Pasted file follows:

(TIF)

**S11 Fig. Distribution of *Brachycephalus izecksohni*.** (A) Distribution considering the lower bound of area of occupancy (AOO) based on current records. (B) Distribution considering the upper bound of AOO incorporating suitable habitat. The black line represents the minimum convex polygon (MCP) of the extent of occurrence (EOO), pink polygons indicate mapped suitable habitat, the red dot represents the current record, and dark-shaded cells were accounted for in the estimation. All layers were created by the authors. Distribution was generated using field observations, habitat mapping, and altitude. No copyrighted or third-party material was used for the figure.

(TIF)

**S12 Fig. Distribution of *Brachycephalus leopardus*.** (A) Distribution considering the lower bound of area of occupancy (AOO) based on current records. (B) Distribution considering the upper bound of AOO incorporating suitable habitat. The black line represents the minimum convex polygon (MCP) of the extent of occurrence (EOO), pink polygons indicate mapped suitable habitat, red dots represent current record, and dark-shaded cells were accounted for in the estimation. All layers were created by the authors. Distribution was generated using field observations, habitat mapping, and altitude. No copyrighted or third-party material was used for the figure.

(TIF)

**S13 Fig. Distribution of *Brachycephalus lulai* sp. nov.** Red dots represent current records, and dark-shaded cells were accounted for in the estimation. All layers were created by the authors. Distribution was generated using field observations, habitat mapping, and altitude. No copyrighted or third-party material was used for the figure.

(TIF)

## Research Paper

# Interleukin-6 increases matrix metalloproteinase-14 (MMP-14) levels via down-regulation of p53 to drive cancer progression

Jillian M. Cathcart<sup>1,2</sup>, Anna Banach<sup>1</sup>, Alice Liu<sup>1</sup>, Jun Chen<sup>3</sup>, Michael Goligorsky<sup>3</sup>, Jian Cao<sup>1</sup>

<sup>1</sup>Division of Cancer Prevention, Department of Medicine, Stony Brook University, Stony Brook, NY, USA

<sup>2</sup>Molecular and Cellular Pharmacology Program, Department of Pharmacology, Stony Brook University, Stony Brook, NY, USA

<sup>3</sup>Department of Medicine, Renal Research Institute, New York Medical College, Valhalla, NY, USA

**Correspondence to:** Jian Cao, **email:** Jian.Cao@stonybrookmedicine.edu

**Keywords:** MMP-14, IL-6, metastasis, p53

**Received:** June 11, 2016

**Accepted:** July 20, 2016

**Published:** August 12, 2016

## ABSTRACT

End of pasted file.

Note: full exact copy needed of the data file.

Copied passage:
(TIF)

**S11 Fig. Distribution of *Brachycephalus izecksohni*.** (A) Distribution considering the lower bound of area of occupancy (AOO) based on current records. (B) Distribution considering the upper bound of AOO incorporating suitable habitat. The black line represents the minimum convex polygon (MCP) of the extent of occurrence (EOO), pink polygons indicate mapped suitable habitat, the red dot represents the current record, and dark-shaded cells were accounted for in the estimation. All layers were created by the authors. Distribution was generated using field observations, habitat mapping, and altitude. No copyrighted or third-party material was used for the figure.

(TIF)

**S12 Fig. Distribution of *Brachycephalus leopardus*.** (A) Distribution considering the lower bound of area of occupancy (AOO) based on current records. (B) Distribution considering the upper bound of AOO incorporating suitable habitat. The black line represents the minimum convex polygon (MCP) of the extent of occurrence (EOO), pink polygons indicate mapped suitable habitat, red dots represent current record, and dark-shaded cells were accounted for in the estimation. All layers were created by the authors. Distribution was generated using field observations, habitat mapping, and altitude. No copyrighted or third-party material was used for the figure.

(TIF)

**S13 Fig. Distribution of *Brachycephalus lulai* sp. nov.** Red dots represent current records, and dark-shaded cells were accounted for in the estimation. All layers were created by the authors. Distribution was generated using field observations, habitat mapping, and altitude. No copyrighted or third-party material was used for the figure.

(TIF)

## Research Paper

# Interleukin-6 increases matrix metalloproteinase-14 (MMP-14) levels via down-regulation of p53 to drive cancer progression

Jillian M. Cathcart<sup>1,2</sup>, Anna Banach<sup>1</sup>, Alice Liu<sup>1</sup>, Jun Chen<sup>3</sup>, Michael Goligorsky<sup>3</sup>, Jian Cao<sup>1</sup>

<sup>1</sup>Division of Cancer Prevention, Department of Medicine, Stony Brook University, Stony Brook, NY, USA

<sup>2</sup>Molecular and Cellular Pharmacology Program, Department of Pharmacology, Stony Brook University, Stony Brook, NY, USA

<sup>3</sup>Department of Medicine, Renal Research Institute, New York Medical College, Valhalla, NY, USA

**Correspondence to:** Jian Cao, **email:** Jian.Cao@stonybrookmedicine.edu

**Keywords:** MMP-14, IL-6, metastasis, p53

**Received:** June 11, 2016

**Accepted:** July 20, 2016

**Published:** August 12, 2016

## ABSTRACT